For me, Aaron Lathamís piece in this magazine on the death of David Kammerer ["The Columbia Murder That Gave Birth to the Beats," April 19] was an outrage. Revere Lucien Carr? Poppycock. Mr. Latham should have cast a much sharper eye on his own internal evidence, and fished up the truth that it was not little Lucien who inspired the Beats, but that "professor" working "as a janitor," David Kammerer.
In the first place, David didnít look at all like Swinburne. He looked like Roger Livesey in his prime, and to this day I canít bear to see Stairway to Heaven again, because thereís the image of David Ė robust, red-bearded and hellishly alive. In the second, no one who ever heard one of Davidís brilliant, plangent monologues could imagine him saying "ya" for the second person. (Or allowing anyone to call him "Dave".) It may, in this age of the grunt and the mutter, seem strange to recall that people once spoke English, and possibly the most significant American talker of his generation was David Kammerer. The richness and complexity of his English, accurately reflecting the richness and complexity of his mind, are unforgettable. Trying to describe Davidís talk would be like trying to describe the scent of Toujours Moi on your motherís old mink, redolent of grace past but misting away.
Certainly it is not at all difficult for anyone who knew both Lucien and David to see why Lucien Carr never achieved the promiseĖwho?Ėexpected of him.
Now it is not my intention in this protest to traduce Lucien. I simply think it is time to set the record straight. Certainly Kerouac, that self-serving mythomaniac, never did. When I groused to David about my dislike of Kerouac, he would patiently say, "You donít have to like him. But you can learn to appreciate him. He is beginning to do some damned good writing." In return for these gestures of faith in a yet unpublished writer, Kerouac never had the grace or the gratitude to dedicate one word to David. On the contrary, in one of his books he vilified him. At the least, it was a breach of hospitality, because he never minded sponging off David. At the most, it was a crass and gratuitous betrayal of a man who had befriended him.
Itís almost true, as Mr. Latham says, that Lucien was a catalyst. The only trouble was that once he had introduced you to David, you quickly became weary of his épater-le-bourgeois-ism and preferred, as I and others did, to see David instead. I canít say my first meeting with David was very promising. Lucien needed a term paper in a hurry, and took me to Morton Street, where he intended to drop off his notes at Davidís. He thrust through the door David was trying to bar against him as David roared, "Stay out of here, I told you never to come here." Intrepid, Lucien barged on in. David socked him. As Lucien fell, the screen concealing the corner sink fell down beneath him. He lay spread-eagled on it, looking up with wonder and saying, "You never hit me before." David threw him out, locked the door, then turned to me and said, "Youíre welcome to stay. And come any time you want to, but donít ever bring that little bastard around here again. I donít want him around."Ö. ..Then he laughed and commented, rather grimly, "I suppose he wants me to write a term paper for him."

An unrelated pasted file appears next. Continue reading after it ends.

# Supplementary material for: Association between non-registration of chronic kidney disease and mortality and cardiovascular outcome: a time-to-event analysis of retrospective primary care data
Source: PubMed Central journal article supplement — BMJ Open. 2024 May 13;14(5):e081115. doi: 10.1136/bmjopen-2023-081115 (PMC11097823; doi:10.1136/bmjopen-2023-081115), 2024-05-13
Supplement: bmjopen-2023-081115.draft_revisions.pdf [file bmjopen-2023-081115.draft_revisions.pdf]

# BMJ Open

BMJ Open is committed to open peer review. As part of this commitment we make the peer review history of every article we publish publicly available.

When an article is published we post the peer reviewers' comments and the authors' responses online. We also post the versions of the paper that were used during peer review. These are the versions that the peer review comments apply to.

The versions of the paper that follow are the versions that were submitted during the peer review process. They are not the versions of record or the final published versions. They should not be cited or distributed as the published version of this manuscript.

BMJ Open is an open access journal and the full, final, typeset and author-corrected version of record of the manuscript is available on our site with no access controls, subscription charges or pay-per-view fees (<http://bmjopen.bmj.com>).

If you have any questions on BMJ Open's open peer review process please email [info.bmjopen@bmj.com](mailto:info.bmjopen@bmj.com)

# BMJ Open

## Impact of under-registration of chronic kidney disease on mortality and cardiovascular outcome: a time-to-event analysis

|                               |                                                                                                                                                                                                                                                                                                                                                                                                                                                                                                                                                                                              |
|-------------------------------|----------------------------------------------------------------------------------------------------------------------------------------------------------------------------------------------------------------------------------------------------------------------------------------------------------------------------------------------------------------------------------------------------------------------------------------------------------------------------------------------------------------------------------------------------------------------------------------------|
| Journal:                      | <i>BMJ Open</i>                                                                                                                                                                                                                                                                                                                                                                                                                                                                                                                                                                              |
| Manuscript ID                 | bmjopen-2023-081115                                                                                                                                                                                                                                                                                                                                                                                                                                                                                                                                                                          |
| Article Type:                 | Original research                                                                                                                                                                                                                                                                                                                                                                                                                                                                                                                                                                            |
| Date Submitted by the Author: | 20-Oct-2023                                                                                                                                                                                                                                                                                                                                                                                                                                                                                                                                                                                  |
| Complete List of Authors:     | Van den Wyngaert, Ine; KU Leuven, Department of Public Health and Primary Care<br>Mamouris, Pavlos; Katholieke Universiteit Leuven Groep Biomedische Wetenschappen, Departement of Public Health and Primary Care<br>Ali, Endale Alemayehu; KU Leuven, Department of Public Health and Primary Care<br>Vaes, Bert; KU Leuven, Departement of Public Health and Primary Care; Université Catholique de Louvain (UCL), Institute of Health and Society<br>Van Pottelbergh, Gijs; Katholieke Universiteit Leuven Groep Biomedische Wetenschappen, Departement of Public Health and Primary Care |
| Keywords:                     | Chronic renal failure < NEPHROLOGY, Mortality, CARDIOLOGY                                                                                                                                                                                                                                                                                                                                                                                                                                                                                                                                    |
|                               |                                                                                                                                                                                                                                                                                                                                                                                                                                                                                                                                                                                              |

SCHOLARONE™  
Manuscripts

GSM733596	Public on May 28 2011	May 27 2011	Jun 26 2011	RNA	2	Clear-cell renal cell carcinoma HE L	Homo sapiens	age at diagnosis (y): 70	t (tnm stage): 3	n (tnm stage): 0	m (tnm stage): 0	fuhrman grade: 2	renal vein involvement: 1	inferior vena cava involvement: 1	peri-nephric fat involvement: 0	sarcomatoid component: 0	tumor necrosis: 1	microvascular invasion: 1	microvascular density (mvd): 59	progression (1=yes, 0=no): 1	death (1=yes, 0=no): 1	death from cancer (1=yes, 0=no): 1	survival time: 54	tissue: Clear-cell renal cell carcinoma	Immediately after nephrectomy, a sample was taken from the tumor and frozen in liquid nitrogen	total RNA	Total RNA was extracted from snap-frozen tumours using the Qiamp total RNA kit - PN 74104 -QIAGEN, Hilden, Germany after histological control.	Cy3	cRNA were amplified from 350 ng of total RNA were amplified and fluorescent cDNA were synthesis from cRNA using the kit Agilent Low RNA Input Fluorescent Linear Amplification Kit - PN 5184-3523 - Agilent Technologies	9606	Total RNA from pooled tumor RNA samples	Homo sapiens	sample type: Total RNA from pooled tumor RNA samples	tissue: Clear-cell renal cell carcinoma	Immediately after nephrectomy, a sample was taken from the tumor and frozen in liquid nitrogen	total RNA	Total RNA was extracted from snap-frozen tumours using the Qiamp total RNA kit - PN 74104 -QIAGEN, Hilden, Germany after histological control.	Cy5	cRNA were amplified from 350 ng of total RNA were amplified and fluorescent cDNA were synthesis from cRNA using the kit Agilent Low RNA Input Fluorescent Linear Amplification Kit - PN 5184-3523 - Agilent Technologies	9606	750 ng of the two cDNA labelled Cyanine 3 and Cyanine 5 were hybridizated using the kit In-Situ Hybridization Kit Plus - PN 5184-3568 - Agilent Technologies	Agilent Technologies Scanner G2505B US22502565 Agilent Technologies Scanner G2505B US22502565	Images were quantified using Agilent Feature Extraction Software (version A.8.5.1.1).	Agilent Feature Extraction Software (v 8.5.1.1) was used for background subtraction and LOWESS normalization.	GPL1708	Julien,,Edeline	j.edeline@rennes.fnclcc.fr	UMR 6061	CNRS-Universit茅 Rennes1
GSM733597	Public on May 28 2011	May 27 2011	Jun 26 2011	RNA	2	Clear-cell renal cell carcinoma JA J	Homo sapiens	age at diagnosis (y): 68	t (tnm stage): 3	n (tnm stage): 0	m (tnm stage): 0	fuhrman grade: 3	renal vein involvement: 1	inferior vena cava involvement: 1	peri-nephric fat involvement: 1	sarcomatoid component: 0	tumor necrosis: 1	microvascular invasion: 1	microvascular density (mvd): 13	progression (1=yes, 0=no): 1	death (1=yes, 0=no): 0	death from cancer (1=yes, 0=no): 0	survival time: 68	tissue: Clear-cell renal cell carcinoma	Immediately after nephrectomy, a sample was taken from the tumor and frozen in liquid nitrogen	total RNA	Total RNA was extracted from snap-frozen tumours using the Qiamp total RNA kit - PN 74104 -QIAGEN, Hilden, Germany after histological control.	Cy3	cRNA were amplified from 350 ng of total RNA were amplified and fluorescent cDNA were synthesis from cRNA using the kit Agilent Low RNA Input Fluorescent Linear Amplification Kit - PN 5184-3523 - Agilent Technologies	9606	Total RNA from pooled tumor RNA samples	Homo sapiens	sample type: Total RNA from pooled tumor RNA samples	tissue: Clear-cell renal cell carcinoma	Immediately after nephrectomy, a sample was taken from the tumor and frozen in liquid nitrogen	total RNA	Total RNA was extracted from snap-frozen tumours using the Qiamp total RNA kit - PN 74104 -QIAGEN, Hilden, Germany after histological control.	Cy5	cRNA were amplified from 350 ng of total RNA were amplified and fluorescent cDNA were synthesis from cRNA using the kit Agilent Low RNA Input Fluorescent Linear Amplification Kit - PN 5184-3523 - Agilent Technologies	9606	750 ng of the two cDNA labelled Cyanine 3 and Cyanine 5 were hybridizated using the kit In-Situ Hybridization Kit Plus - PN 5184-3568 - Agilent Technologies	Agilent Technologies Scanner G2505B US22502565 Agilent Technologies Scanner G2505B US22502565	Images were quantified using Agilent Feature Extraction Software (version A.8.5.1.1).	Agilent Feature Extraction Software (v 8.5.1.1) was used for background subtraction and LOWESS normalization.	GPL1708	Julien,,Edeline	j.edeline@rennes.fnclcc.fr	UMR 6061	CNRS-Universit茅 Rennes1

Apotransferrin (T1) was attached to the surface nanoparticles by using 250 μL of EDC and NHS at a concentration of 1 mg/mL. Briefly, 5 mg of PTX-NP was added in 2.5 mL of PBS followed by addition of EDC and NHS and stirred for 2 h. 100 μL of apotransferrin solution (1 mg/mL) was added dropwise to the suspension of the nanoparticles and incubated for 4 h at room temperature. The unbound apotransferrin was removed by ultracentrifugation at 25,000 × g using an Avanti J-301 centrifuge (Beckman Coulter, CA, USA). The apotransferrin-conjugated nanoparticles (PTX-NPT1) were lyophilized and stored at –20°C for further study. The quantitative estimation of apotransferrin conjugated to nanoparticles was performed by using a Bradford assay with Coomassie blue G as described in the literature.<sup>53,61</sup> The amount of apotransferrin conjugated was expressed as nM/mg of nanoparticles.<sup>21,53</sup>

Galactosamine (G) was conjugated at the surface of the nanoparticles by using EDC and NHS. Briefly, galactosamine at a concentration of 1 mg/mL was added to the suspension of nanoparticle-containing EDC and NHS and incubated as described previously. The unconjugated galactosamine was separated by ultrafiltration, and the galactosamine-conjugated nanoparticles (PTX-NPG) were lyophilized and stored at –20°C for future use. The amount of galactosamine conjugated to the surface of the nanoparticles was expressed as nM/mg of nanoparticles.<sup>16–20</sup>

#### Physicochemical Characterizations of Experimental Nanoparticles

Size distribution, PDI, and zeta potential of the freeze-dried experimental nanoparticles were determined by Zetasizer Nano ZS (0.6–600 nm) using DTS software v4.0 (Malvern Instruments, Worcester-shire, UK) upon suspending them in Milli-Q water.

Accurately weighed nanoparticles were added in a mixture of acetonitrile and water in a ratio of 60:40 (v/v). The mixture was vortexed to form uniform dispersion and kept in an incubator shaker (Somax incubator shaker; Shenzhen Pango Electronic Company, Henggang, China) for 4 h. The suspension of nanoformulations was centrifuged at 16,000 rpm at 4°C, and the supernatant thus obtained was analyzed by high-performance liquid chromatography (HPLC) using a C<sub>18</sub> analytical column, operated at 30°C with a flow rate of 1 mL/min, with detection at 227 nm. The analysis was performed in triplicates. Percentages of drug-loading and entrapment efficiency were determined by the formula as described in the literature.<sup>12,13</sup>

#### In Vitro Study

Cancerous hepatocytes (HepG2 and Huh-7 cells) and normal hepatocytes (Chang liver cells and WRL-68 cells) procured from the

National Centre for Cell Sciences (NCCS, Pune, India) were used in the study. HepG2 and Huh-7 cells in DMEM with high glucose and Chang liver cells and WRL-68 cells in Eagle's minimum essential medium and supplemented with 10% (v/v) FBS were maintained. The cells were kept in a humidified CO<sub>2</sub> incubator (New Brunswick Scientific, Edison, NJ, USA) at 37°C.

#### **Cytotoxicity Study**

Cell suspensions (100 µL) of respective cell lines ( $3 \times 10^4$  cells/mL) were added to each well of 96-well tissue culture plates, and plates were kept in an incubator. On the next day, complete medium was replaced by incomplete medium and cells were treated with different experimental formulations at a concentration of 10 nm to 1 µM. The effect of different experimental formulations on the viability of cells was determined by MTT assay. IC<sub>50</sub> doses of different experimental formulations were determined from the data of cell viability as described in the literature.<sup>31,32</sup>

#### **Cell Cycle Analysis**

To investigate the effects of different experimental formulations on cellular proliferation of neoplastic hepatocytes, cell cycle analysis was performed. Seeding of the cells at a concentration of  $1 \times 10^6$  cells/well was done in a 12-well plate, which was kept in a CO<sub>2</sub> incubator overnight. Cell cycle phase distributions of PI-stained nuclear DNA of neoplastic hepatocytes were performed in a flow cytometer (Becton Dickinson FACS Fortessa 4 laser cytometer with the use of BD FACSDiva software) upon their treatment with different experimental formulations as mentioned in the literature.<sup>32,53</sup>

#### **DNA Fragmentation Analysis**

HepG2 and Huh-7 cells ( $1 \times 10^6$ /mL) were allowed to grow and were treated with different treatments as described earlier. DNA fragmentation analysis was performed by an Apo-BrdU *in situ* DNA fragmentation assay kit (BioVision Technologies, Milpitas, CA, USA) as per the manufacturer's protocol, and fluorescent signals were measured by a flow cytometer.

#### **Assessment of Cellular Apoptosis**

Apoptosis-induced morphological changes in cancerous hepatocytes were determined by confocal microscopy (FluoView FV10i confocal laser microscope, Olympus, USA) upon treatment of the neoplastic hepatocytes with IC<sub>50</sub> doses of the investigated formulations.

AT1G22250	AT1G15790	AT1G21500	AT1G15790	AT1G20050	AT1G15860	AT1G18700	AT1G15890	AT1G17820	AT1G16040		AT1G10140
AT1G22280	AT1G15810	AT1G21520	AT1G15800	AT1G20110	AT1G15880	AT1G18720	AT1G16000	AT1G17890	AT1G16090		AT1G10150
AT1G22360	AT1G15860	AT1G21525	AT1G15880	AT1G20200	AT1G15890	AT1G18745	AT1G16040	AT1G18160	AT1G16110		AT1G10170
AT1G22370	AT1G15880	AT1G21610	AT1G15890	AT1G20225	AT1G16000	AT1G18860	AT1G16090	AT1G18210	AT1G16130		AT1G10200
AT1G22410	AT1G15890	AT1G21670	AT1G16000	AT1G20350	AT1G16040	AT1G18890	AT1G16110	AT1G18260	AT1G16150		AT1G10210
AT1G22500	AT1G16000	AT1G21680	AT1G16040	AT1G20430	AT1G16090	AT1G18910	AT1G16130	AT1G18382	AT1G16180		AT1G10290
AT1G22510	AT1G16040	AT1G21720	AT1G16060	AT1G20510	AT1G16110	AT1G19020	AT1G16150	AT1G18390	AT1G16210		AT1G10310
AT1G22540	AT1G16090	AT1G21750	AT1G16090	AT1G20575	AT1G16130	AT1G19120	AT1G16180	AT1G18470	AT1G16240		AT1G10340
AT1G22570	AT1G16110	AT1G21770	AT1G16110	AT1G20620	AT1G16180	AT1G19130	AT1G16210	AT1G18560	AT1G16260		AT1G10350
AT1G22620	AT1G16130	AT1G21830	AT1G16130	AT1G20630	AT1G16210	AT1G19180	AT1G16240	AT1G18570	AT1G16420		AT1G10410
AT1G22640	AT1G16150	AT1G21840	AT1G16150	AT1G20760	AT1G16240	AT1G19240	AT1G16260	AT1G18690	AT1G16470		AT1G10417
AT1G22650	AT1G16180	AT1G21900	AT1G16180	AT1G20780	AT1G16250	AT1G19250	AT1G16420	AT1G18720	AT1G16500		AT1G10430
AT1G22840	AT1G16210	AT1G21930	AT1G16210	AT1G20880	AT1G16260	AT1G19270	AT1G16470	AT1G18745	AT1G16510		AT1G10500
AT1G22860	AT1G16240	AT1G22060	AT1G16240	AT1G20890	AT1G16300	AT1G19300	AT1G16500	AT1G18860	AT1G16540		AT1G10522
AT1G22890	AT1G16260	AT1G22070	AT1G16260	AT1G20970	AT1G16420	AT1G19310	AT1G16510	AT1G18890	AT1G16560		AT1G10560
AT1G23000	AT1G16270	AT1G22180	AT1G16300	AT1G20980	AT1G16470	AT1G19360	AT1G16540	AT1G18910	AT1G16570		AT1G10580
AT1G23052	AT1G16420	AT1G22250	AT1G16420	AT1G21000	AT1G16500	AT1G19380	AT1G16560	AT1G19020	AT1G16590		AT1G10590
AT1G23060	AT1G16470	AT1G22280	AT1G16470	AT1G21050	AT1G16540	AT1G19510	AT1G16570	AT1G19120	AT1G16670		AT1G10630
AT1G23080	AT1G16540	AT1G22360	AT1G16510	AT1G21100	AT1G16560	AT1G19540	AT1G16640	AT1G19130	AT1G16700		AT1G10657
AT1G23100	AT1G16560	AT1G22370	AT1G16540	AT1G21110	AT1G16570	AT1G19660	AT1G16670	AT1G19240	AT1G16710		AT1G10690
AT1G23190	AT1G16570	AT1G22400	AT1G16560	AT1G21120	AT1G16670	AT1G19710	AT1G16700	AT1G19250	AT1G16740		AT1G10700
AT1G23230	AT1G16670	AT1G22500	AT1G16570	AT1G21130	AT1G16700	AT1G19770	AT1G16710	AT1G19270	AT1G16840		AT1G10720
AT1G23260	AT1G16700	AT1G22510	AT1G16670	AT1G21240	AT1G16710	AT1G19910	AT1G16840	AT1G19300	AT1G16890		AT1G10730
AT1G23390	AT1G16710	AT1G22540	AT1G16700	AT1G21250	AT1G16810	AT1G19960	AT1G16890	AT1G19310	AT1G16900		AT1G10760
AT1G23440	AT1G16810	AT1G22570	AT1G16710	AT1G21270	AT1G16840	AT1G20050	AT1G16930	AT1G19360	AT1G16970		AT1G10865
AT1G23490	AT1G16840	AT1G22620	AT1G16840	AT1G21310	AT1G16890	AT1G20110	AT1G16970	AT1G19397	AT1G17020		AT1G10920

It was quite a place, that little white room on Morton Street,, rent-free to David in exchange for his services as a janitor. (He had been balckballed from teaching because of the Lucien situation, and was not, as Mr. Latham says, working as a janitor just to be near Lucien. The last thing David wanted was to be near Lucien: he wanted the hell away from Lucien. Still, his future was precarious. He was lucky to work as a janitor.) Without betraying long-ago but far from forgotten, confidence, I can only say that the facts of the situation are wholly dissimilar to those subsequently reported. For one example, if David was completely that scoutmaster who loved little boys, then why did he spend one zestful New Year's Eve trying to make our luscious hostess at a party? She was a kept woman, with a pretty rounded experience of men, and she didn't take him for anything but heterosexual.
Just let it suffice to say that whoever is fabricating the Lucien myth left out some essential details in providing Mr. Latham with sensational material. He also left out any descriptions of those long evenings on Morton Street when David, cross-legged on the floor or leaning on his desk by the window, would talk extemporaneously and uninterruptedly to the seven or eight people crowding in (no Lucien there) on whatever was preoccupying his extraordinary , discursive mind. One evening I remember well (and with good reason, in the light of later developments among the Beats), he launched into a two-hour meditation on the various facets of Buddhism. As an Anglican mystic, David had explored other varieties of mystical experience, coming at the last to the most classic, that beatitude is an awareness of the presence of God in the ordinary. Being a professor or a janitor is immaterial. Being is essential.